Russian Foreign Ministry Deputy Foreign Minister Gennady Gatilov said Russia is working closely with the Syrian government to ensure its arsenal of chemical weapons remains under government control and won't fall into the hands of opposition fighters.
The issue has become increasingly prominent as foreign militaries have reportedly developed a contingency plan to provide assistance to Syria commandos to protect, and if necessary destroy Syria's chemical weapons stockpile, Ukraine's Operativno news agency reported Thursday.
"We have guarantees from the Syrian government that it will not take any steps involving chemical weapons," Gatilov said. "And I want to reiterate that on this issue we will restrain it in all ways possible and work toward the goal of preventing such things from happening."
Gatilov said that "among the opposition (there) are terrorist elements," some aligned with al-Qaida.
"Of course, if all of a sudden, as a result of some actions, these weapons were to fall into the hands of terrorists who could take a totally irresponsible attitude toward them, this would be a very serious development," he said.
Syria began developing an indigenous chemical production capability in 1971, Israeli media said.
U.S. President Barack Obama recently stated that if Syria were to use chemical or biological weapons against rebel forces, this would be a "red line" for the United States.
"We have been very clear to the Assad regime but also to other players on the ground that a red line for us is (if) we start seeing a whole bunch of chemical weapons moving around or being utilized. That would change my calculus. That would change my equation," Obama said.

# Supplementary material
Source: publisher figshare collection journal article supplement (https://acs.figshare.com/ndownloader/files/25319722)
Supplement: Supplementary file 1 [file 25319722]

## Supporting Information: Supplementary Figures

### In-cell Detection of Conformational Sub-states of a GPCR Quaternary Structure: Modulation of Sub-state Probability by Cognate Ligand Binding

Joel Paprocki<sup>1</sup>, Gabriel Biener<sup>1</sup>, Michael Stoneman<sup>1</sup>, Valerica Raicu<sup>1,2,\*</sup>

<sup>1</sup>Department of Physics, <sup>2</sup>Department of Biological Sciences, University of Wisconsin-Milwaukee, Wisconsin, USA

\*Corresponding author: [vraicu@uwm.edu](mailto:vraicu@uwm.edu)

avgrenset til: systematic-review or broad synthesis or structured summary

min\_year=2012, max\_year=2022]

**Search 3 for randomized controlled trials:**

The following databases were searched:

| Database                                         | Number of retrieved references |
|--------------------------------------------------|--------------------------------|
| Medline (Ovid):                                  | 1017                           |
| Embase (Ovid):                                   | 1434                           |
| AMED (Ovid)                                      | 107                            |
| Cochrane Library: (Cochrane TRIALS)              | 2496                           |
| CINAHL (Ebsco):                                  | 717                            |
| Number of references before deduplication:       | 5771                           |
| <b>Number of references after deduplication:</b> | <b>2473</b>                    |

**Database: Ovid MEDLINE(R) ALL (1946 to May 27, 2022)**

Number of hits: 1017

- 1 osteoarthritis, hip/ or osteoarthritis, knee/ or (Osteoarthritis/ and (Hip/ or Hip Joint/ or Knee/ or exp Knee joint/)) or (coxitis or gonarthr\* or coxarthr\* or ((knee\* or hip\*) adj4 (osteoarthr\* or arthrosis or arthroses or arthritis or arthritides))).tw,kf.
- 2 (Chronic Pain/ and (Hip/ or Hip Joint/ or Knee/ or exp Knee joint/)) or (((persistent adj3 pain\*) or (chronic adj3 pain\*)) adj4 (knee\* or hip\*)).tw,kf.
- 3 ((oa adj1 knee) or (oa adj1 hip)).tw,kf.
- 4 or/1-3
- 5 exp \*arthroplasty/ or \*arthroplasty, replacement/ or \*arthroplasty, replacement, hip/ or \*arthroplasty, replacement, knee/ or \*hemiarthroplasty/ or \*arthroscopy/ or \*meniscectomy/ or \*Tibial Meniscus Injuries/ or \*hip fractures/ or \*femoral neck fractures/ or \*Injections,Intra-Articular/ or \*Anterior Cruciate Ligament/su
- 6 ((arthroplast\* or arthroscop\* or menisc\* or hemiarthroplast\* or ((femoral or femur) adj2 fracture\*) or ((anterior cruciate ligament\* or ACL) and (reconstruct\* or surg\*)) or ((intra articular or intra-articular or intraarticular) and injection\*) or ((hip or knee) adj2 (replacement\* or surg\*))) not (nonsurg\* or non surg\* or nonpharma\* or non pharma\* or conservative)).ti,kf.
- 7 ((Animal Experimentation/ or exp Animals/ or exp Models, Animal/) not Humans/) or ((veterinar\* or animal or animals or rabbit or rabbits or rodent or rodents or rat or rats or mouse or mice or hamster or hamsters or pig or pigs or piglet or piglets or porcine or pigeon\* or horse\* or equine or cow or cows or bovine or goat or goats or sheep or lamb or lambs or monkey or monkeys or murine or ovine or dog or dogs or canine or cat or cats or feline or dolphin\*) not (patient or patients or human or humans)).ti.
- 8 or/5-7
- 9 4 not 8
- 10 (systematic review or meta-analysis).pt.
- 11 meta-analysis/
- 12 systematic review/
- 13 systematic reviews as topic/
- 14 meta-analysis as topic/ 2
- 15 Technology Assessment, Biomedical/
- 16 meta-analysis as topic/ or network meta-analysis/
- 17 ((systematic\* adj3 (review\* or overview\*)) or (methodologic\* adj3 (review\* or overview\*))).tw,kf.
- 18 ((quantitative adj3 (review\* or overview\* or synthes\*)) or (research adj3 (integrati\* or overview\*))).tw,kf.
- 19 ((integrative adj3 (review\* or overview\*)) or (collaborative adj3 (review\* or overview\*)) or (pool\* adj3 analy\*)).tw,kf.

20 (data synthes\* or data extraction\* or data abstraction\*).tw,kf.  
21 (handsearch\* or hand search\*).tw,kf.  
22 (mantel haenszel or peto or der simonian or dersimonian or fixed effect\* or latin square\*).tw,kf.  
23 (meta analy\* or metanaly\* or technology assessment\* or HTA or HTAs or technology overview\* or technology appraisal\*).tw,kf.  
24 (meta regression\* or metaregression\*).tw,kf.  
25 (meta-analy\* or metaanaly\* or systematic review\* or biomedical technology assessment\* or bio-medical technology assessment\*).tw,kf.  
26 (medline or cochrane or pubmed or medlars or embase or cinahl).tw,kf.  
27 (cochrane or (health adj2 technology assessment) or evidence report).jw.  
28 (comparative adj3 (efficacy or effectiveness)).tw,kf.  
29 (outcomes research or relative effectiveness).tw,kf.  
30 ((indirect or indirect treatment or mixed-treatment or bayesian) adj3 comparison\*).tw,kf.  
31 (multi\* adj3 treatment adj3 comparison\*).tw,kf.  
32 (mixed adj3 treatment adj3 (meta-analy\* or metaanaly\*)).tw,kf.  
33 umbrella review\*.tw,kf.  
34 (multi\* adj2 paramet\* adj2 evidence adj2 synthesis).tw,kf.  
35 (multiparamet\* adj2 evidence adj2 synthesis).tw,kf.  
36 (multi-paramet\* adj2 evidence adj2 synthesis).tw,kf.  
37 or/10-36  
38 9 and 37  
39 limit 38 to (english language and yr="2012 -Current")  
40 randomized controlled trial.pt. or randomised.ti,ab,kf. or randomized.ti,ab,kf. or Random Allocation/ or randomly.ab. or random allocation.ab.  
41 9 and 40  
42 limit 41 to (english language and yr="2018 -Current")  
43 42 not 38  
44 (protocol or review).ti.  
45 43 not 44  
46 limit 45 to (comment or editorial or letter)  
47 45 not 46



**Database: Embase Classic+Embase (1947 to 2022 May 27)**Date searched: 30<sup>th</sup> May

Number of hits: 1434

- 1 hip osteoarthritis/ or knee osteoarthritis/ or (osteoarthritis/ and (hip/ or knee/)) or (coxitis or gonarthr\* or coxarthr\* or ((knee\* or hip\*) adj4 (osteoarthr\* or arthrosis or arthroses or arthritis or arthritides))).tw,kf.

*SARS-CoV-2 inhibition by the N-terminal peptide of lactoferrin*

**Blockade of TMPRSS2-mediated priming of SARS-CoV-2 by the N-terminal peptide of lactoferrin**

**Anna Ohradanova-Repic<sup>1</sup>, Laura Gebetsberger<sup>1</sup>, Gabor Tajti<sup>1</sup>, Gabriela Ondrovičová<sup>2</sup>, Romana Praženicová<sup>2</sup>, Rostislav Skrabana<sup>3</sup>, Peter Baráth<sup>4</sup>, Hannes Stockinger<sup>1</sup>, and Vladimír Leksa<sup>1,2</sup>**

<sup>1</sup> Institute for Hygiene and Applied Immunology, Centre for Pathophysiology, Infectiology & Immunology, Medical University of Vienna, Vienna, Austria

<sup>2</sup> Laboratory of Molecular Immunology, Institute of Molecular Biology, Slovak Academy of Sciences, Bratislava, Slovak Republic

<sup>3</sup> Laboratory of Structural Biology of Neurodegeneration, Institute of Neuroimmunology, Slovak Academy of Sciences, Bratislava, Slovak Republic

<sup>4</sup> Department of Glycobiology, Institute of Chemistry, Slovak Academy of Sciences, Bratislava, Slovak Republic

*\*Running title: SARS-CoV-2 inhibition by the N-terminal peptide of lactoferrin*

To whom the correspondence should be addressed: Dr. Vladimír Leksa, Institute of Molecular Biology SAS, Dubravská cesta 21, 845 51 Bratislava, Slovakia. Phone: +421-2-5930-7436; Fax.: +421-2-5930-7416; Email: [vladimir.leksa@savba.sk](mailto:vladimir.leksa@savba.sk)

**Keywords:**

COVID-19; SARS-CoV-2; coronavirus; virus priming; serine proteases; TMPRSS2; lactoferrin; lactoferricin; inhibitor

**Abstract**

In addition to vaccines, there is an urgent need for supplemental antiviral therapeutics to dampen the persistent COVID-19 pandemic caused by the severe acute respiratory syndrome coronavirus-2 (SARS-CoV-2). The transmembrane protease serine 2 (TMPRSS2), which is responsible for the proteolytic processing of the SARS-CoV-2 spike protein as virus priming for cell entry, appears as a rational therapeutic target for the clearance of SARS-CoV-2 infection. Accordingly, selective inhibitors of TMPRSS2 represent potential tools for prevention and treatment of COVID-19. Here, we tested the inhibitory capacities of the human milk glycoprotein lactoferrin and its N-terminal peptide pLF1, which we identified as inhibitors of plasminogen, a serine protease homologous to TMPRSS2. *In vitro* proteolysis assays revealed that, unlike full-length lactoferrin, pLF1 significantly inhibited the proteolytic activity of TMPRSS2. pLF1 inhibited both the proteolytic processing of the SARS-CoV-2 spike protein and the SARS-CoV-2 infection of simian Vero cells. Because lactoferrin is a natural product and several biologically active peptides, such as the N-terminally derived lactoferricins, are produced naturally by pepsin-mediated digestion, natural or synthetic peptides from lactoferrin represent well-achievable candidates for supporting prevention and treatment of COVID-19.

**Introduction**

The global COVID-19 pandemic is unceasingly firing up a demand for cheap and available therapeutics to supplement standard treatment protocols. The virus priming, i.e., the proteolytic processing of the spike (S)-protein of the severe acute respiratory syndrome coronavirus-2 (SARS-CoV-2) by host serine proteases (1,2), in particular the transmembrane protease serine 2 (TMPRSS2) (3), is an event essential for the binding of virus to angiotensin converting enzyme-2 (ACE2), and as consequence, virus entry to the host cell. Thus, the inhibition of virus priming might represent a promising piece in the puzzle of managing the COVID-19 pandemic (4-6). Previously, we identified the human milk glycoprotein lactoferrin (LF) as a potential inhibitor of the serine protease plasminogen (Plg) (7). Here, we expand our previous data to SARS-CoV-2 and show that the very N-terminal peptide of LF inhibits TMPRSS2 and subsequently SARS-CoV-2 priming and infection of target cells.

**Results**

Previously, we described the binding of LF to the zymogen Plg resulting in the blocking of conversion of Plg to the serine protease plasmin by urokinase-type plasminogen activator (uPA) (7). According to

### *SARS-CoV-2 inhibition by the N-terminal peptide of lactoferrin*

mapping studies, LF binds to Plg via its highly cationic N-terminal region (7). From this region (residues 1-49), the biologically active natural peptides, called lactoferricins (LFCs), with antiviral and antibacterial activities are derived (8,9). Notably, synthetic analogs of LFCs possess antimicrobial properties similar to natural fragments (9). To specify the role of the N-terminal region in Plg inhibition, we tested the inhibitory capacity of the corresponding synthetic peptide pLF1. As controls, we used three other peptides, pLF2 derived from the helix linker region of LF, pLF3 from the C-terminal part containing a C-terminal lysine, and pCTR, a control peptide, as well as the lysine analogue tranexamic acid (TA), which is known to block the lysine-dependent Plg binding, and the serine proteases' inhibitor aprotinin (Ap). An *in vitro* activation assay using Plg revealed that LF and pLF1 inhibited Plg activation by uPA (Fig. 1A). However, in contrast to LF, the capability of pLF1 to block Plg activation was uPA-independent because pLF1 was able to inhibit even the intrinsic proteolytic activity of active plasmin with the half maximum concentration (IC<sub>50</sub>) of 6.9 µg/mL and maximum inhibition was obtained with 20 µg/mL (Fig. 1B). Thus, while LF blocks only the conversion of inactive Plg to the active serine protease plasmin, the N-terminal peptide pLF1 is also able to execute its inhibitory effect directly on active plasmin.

While Washington's concerns originally were that the former U.S.S.R. assisted Syria in developing its chemical and biological weapons capabilities, Syria had apparently obtained CW production technology from Western Europe, a 1990 study by the U.S. Army War College stated. The same document said Damascus was focused at the time on producing nerve agents
Accordingly, in June 1986, the Reagan administration banned the sale of nerve gas precursor chemicals sarin and mustard gas chemicals to Syria.
In 1971 under a presidential directive, Syria mobilized the Scientific Studies and Research Center, a "civilian" agency that two years later had begun to advocate the local development of CW weaponry for the Syrian army, and President Hafez Assad and the SSRC Director General Abdullah Watiq Shahid began to explore the option of developing chemical and biological warfare agents.
Western intelligence reports claim, Syria has subsequently been producing chemical weapons since the 1980s at facilities near Hama, Homs and al-Safira in the Aleppo region as well as in Damascus.